Disney’s Turning Red Not Only Represents Teenage Girls, But Also the Women Who Raised Them
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When I was given access to the screener for Disney’s Turning Red, I was not prepared for what I was about to feel. Pixar’s newest animated film is about Meilin Lee (Rosalie Chiang), a teenage girl who turns into a giant red panda whenever she’s overcome with emotion.
While it sounds comical, the story about the 13-year-old Chinese-Canadian protagonist is one about family, expectations and cultural duties. Something I, as a Pakistani-Australian, can deeply resonate with.
“Mei was definitely me when I was 13. Her whole struggle and her relationship with puberty and her mom was drawn from my own life,” director Domee Shi tells POPSUGAR Australia. “That’s where a lot of great stories come from, a lot of them come from a personal place. Because it’s real, that’s where the truth lies because it actually happened.”
Many immigrant kids have experienced the struggle of feeling alienated among their peers, and while it’s a common occurrence, it’s not a story that is told often in mainstream media. Mei, who is obsessed with the fictitious boy band 4*Town and scribbles romantic fantasies in her notebook is also in love with her roots and wants nothing more than to make her parents proud.
It’s the stark contrast of her two worlds that feels relatable. On one end she’s helping her mother Ming Lee (Sandra Oh) at the family temple and on the other, she’s plotting a way to go to 4*Town’s concert without her parents finding out.
“After we finished watching the movie, my mum and I looked over at each other and thought, ‘this is oddly similar’,” Chiang said. “Between the ages of 12-16, I recorded for Mei, so I literally came of age as Mei did in the film. So I was definitely able to resonate with the character.”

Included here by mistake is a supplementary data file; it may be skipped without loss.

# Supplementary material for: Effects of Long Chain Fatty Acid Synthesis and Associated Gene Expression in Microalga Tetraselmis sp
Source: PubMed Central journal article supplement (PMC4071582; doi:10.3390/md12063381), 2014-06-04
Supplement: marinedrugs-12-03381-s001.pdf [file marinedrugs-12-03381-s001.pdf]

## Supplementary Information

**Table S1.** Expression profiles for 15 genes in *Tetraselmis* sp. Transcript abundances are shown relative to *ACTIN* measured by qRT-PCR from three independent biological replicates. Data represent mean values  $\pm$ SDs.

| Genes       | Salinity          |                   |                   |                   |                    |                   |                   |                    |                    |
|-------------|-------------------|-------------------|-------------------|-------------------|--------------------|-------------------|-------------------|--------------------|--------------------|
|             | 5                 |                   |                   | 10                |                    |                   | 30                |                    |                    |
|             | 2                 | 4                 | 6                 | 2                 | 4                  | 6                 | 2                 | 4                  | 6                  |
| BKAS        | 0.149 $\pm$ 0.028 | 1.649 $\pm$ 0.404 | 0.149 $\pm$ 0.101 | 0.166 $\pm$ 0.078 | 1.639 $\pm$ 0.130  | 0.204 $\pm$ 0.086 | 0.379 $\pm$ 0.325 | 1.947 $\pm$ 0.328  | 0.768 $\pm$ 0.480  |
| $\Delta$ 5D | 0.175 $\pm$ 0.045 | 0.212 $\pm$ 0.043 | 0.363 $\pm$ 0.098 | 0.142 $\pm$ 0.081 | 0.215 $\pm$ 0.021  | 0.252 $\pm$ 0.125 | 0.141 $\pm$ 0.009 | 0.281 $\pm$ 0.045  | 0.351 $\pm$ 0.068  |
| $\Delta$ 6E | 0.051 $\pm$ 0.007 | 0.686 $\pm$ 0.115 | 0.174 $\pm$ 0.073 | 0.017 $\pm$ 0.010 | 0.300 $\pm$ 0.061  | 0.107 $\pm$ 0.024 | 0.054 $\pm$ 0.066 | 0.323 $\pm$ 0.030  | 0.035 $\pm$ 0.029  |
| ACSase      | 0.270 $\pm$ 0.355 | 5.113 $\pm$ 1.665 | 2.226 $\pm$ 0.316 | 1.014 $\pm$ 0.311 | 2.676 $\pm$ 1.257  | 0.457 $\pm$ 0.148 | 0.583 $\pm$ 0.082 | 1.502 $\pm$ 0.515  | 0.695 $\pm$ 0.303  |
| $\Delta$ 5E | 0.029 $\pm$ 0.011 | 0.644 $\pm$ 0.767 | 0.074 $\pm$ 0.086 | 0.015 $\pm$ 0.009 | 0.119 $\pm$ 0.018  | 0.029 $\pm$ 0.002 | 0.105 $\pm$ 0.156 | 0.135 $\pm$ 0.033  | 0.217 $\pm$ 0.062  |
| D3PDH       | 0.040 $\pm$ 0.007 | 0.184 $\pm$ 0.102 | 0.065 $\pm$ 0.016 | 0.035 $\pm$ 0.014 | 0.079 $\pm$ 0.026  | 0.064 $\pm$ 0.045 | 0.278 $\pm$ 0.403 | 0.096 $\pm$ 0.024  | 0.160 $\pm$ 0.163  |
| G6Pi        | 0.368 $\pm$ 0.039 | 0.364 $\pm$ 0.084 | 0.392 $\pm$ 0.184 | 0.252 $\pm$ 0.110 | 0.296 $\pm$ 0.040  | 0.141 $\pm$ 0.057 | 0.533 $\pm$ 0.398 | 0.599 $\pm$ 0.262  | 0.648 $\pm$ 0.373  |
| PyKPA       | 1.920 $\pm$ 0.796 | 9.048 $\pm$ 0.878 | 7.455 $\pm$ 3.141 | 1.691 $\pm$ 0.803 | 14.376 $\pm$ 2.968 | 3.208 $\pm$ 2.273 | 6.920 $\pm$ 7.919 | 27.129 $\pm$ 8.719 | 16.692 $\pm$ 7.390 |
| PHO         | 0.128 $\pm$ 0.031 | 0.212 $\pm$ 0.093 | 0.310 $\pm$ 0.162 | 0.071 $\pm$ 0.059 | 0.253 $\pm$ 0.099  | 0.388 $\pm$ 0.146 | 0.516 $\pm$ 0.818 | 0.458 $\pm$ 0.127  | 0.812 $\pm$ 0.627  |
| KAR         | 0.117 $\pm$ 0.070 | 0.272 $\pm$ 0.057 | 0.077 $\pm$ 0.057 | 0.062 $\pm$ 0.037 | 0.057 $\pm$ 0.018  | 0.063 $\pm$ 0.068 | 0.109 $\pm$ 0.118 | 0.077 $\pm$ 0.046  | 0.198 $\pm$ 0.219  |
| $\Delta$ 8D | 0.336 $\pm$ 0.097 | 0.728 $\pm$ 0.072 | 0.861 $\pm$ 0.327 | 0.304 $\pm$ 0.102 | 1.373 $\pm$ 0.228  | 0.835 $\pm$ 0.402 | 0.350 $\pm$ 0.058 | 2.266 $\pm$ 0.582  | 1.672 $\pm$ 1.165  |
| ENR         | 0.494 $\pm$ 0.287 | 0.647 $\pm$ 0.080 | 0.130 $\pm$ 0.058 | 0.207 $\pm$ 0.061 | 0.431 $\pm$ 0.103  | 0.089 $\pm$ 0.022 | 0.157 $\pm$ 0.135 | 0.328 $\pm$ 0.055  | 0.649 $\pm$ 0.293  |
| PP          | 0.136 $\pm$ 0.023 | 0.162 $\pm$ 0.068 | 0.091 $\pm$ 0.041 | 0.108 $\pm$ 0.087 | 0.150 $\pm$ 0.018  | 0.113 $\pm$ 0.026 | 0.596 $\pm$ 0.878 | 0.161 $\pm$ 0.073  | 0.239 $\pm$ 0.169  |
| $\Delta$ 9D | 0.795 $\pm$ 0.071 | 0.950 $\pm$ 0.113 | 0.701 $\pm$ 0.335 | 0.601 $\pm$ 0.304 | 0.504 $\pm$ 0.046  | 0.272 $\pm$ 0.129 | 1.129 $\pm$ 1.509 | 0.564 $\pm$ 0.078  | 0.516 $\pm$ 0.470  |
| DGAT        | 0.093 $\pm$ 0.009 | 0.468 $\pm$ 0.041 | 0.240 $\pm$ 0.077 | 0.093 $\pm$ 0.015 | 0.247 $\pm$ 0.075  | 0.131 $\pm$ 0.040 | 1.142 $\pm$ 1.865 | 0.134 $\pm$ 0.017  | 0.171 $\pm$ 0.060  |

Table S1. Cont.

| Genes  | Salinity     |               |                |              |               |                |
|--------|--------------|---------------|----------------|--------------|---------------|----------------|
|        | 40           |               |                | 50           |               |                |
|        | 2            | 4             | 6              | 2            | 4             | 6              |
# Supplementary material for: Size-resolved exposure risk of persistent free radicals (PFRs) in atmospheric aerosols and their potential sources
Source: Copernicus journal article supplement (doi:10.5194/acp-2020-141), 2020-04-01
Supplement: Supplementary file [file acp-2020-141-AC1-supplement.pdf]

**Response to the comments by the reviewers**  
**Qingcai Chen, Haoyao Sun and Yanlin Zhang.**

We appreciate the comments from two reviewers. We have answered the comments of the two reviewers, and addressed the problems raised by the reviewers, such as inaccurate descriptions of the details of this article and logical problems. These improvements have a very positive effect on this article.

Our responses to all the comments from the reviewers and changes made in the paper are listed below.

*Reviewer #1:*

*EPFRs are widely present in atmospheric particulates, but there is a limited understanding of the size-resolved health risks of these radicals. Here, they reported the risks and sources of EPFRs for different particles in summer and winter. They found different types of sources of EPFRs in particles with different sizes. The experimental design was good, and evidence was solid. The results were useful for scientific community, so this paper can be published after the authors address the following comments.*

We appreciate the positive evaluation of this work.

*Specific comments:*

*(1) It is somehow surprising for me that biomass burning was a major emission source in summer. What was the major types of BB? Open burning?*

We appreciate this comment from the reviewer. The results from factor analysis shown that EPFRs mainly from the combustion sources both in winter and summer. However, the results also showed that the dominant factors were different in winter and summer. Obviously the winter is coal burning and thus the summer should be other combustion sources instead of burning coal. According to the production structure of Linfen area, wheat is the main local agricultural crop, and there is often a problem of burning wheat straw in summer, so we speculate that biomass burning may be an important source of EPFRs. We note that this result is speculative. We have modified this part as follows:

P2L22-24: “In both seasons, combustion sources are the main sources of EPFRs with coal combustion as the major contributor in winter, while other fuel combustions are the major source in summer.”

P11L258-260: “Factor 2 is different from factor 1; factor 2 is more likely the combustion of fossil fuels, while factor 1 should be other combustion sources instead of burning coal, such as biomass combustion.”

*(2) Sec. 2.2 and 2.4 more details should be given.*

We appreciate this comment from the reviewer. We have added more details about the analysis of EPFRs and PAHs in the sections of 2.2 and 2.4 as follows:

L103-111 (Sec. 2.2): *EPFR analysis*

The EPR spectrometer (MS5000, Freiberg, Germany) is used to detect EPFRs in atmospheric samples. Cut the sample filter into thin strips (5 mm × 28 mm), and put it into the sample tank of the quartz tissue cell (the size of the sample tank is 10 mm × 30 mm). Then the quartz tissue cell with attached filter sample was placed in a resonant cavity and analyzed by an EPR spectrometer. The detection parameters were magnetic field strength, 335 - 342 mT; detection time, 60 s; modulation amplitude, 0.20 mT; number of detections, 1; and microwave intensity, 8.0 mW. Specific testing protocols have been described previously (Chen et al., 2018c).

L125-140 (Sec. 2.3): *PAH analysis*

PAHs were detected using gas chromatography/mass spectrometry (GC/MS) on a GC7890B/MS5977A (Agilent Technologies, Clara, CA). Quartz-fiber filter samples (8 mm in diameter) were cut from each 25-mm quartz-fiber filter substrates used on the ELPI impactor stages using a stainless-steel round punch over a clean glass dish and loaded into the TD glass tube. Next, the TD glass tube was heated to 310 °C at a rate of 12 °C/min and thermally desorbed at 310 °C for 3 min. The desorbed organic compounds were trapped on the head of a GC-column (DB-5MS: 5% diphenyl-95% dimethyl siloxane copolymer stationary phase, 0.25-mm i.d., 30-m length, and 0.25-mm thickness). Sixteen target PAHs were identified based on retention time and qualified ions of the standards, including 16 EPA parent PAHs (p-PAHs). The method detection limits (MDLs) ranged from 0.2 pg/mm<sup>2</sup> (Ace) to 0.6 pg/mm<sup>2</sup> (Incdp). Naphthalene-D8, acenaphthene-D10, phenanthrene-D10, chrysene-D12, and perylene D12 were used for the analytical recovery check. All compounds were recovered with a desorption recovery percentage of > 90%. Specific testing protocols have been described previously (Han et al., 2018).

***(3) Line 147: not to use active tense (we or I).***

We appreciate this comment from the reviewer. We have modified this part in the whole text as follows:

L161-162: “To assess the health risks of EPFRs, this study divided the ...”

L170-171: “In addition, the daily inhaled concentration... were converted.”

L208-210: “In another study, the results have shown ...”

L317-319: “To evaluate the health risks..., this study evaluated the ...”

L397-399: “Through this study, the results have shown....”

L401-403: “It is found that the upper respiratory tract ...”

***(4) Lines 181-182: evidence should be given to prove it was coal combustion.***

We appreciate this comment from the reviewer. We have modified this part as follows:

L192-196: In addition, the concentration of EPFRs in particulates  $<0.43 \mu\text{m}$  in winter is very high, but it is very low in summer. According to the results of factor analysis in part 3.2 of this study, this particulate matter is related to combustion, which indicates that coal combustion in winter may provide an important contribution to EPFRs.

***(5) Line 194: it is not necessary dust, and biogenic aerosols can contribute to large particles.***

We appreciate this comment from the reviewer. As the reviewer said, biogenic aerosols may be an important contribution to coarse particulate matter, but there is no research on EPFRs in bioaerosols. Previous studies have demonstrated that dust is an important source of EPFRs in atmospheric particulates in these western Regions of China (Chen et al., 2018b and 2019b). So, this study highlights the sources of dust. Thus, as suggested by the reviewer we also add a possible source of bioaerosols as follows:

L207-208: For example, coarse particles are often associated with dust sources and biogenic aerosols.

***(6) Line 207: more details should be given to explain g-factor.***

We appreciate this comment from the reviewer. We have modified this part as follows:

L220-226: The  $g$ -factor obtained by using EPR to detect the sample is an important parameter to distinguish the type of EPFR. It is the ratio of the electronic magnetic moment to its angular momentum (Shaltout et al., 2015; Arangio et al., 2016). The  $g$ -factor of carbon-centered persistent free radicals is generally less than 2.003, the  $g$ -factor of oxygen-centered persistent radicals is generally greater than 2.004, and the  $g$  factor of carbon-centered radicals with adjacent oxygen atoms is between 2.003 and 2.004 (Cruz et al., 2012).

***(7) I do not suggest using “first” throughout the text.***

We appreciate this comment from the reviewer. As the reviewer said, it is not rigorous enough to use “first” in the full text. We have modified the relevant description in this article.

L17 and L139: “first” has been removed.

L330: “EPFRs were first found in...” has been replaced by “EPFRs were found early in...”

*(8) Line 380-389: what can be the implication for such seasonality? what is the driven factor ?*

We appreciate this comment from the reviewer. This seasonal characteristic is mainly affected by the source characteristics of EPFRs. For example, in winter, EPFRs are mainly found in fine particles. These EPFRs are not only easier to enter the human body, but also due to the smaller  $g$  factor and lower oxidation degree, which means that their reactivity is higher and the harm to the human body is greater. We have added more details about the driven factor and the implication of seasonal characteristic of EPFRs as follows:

But the story isn’t just about Mei, it’s also about Ming. An overprotective, highly ambitious woman who only wants the best for her daughter, even if she isn’t always able to express it in the right way.
She expects obedience and finds it difficult to accept that her child is forming her own likes and dislikes, and is blossoming into her own person.
“I think there is a very specific, bittersweet quality when you experience the moment your child starting to change and starting to pull away from you naturally. You want them to but you don’t want them to,” said Oh to POPSUGAR Australia. “It’s painful when they do but you know they need to. And I think those parents who see this film can relate to that moment, and it’s just to understand their experience through Ming. And for them to understand that it’s okay if that natural separation happens. It’s painful for parents in a way that children just can’t understand.”
But as someone who is now well past her teenage years, I didn’t see Ming as a villain. Instead, I saw her as a woman who didn’t know any different. She raised Mei the only way she knew how and that was how her own mother raised her.
“Ming was a bit of a challenging and tricky character because she walks the fine line of being the parent you kind of want to hate, but also, as a parent myself, it’s to be understood. You want to bring Ming’s love, Ming’s misunderstanding and Ming’s humanity to the project,” Oh said.
Turning Red is a beautiful coming-of-age story that touches on generational trauma, cultural ideals and what life is like growing up as the daughter of two immigrants.
Entering your teenage years can feel like an emotional rollercoaster. And while it’s hard to put into words, the collective ordeal is perfectly personified through a giant red panda.
Turning Red will premiere exclusively on Disney+ from March 11.